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It is my understanding that HMAC is a symmetric signing algorithm (single secret key) whereas RSA is an asymmetric signing algorithm (private/public key pair). I am trying to choose between these 2 methods for signing JSON Web Tokens.

However, I am a little bit confused about the use case of HMAC. If both the clients (users) and the server share a key, what is stopping the client from changing the token's payload fields (perhaps the subject to another user's id) and then resigning the token client-side. Clearly this would be bad. Does HMAC only guarantee that the data was signed by someone with the secret key, and not just a single entity as with RSA? What use case does this actually have, perhaps I am misunderstanding something? Or perhaps the secret key isn't even shared with clients at all?

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HMAC is used to protect against manipulation by someone who has not access to the secret. Typically this means to protect against manipulation by the client if the secret is only known to the server or to protect against manipulation in transit if the secret is known to client and server.

An RSA based signature is used to protect against manipulation and also to allow others to verify the integrity and source of the data without being able to manipulate the data. This can be done because the private key is only known to the provider and signer of the data while the public key is known to everybody who likes to verify the integrity.

What to choose thus depends on your specific use case. If the server just needs to protect the token against manipulation by the client then using HMAC with a server side secret is enough. If instead it needs to be also proven to others that the token was created by a specific (trusted) server then RSA based signatures should be used.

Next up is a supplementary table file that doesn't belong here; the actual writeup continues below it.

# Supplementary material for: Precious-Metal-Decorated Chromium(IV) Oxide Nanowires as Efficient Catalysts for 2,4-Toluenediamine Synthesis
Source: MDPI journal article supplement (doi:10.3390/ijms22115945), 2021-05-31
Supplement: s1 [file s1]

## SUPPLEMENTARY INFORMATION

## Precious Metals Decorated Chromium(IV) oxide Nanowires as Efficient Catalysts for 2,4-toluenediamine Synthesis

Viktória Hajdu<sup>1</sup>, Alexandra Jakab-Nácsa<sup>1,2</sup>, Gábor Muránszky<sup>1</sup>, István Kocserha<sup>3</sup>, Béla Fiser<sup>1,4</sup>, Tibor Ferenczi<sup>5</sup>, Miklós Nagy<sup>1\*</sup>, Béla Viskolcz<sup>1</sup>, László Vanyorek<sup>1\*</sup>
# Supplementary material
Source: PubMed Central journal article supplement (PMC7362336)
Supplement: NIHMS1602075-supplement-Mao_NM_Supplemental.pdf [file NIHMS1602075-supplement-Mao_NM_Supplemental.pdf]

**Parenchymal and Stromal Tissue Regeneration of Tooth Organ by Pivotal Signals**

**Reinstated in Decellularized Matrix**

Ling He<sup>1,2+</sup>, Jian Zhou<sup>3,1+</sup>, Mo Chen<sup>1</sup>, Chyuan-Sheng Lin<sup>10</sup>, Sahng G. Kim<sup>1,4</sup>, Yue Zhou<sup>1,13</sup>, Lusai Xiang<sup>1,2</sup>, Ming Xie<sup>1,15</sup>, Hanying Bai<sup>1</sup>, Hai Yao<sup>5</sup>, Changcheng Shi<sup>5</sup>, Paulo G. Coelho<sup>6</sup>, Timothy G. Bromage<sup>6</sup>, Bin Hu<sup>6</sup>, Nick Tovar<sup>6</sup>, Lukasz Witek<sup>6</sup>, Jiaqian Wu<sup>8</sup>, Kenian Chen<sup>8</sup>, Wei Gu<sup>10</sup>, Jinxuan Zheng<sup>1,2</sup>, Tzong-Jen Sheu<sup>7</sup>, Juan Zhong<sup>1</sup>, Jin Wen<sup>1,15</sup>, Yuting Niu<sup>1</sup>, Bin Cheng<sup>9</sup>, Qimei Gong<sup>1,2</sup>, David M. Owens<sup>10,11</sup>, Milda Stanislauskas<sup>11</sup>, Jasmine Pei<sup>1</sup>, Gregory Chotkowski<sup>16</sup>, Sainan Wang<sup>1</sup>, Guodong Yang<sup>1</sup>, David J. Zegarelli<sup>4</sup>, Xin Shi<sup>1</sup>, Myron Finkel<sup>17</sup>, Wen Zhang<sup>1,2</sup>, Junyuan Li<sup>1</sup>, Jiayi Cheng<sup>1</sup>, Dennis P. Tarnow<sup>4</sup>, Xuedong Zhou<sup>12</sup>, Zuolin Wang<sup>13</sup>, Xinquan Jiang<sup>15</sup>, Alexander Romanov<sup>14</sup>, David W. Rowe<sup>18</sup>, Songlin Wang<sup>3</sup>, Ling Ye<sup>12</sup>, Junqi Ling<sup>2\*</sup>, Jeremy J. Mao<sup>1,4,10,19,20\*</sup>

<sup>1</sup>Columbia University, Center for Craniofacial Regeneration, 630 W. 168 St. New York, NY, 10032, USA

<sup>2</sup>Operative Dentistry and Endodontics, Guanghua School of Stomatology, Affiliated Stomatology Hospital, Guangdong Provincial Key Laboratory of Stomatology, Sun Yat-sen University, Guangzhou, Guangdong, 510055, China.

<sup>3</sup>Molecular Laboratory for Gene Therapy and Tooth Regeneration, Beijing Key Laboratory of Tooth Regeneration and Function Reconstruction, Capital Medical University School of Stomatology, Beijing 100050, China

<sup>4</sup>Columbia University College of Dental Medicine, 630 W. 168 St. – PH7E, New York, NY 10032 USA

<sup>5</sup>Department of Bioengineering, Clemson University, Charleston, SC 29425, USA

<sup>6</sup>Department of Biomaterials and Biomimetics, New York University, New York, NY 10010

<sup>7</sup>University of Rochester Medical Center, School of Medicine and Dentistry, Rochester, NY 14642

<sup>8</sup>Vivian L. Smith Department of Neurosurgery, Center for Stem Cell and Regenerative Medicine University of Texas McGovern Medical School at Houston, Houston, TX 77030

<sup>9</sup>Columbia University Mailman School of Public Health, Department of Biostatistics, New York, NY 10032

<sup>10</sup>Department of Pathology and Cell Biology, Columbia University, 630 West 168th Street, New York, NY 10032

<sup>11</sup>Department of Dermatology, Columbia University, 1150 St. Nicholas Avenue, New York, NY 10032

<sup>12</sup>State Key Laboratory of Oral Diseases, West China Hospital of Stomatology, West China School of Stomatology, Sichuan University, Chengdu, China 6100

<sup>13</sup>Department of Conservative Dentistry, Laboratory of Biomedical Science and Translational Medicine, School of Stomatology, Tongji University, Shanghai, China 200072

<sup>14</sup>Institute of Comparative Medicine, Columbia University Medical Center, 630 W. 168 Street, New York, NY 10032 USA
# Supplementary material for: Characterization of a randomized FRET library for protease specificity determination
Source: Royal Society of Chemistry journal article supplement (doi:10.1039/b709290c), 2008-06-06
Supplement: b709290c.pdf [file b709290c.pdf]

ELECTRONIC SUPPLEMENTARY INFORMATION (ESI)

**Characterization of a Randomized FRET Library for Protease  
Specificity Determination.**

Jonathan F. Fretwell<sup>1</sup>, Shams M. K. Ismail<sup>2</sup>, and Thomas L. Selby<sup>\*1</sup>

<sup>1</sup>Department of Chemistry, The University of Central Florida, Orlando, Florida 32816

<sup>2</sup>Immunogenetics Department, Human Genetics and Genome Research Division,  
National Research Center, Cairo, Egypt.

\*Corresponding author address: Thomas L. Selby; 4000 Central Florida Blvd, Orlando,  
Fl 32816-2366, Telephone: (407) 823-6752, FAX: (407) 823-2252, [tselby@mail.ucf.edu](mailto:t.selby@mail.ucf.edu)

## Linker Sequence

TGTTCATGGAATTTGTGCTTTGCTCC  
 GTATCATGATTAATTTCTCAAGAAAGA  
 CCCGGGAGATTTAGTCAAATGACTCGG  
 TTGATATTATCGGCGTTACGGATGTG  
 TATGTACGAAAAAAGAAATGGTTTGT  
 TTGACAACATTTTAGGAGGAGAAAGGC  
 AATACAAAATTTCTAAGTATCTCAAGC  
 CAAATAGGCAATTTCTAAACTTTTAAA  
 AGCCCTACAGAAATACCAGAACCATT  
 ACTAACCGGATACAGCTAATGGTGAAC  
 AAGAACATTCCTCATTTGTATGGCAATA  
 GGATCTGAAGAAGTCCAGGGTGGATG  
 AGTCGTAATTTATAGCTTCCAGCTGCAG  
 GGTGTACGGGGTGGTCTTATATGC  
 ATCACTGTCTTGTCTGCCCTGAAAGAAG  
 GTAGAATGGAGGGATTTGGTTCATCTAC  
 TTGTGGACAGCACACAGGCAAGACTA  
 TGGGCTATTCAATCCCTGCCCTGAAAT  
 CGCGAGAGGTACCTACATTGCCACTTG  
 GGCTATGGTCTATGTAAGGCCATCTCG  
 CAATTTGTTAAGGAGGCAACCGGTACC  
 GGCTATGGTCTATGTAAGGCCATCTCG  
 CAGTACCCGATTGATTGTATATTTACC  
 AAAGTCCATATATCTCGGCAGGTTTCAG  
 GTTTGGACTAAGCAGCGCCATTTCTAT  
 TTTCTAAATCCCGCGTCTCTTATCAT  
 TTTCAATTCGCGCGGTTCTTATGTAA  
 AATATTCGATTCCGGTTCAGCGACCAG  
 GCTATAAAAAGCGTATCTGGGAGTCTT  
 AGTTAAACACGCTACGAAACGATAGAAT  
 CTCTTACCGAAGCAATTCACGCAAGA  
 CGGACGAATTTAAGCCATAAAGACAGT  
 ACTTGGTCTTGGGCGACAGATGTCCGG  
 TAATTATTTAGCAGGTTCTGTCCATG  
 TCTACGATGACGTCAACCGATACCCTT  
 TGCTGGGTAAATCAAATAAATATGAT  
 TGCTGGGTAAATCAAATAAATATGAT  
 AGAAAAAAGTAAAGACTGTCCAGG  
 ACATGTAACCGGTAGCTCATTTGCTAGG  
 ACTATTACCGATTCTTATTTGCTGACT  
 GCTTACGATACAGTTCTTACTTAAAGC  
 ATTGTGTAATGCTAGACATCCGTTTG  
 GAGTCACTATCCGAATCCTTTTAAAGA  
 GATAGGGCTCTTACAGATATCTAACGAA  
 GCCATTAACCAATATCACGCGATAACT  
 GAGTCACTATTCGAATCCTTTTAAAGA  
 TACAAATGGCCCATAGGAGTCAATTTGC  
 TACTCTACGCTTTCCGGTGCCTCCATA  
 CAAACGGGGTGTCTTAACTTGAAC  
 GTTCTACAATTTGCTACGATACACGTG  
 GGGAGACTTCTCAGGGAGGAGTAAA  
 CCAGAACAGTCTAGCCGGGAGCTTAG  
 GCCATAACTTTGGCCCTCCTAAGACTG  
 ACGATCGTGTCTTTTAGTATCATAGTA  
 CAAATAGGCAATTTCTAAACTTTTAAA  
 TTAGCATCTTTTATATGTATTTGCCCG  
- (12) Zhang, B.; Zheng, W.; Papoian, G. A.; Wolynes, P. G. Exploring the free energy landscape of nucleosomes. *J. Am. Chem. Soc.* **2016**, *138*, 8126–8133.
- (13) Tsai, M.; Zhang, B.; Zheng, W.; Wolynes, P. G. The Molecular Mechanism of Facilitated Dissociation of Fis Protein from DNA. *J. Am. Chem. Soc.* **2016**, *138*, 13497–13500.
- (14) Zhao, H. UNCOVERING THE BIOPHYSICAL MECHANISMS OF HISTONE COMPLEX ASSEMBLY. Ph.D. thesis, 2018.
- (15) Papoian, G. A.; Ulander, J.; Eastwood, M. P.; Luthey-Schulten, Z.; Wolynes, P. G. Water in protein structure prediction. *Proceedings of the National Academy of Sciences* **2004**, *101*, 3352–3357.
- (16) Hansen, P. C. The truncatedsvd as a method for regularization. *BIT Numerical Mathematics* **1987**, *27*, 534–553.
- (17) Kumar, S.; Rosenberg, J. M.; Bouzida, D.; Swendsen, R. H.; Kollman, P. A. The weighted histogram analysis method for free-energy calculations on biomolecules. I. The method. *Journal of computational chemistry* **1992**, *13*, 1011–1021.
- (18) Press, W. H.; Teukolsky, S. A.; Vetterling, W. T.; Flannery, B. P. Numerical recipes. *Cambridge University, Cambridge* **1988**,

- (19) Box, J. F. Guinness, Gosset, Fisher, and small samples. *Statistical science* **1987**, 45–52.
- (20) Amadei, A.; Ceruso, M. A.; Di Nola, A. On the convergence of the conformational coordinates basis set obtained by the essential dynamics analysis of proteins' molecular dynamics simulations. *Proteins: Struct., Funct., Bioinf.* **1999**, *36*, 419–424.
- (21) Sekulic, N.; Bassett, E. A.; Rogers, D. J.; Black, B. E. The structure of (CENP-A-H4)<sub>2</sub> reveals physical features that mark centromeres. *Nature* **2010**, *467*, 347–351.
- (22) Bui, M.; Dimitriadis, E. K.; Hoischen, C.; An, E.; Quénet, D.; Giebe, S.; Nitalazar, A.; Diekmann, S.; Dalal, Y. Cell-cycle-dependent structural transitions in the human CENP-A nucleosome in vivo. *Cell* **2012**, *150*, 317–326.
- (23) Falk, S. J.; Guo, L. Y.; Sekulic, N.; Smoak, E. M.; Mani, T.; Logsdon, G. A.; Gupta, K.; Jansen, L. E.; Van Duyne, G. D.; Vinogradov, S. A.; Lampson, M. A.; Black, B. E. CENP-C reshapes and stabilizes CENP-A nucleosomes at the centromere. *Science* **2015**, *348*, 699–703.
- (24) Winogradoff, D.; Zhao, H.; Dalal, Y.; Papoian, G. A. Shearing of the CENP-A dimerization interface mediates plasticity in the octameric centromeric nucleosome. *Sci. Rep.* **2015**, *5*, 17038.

• But doesn't the knowledge of a shared secret have a similar function to a RSA signature? E.g. if I tell Bob's server a shared secret X, and I receive a JWT with a HMAC with key X, then I know Bob created it. Or am I wrong in this assumption? – MechMK1 Oct 25 '19 at 11:34
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    @MechMK1: Depends how many have the shared secret. With HMAC everybody having the shared secret can verify the integrity but also modify the data, which means that it cannot really be used as proof of origin of more than 2 parties are involved (which also means that the secret needs to be protected in transit between these two parties). With RSA signature everybody having the public key can verify the signature but only the one having the private key can create it. – Steffen Ullrich Oct 25 '19 at 11:51
  • Yes, that's true. I don't know in which scenarios JWT's would be used in such a manner, but I understand the point behind it. – MechMK1 Oct 25 '19 at 11:55

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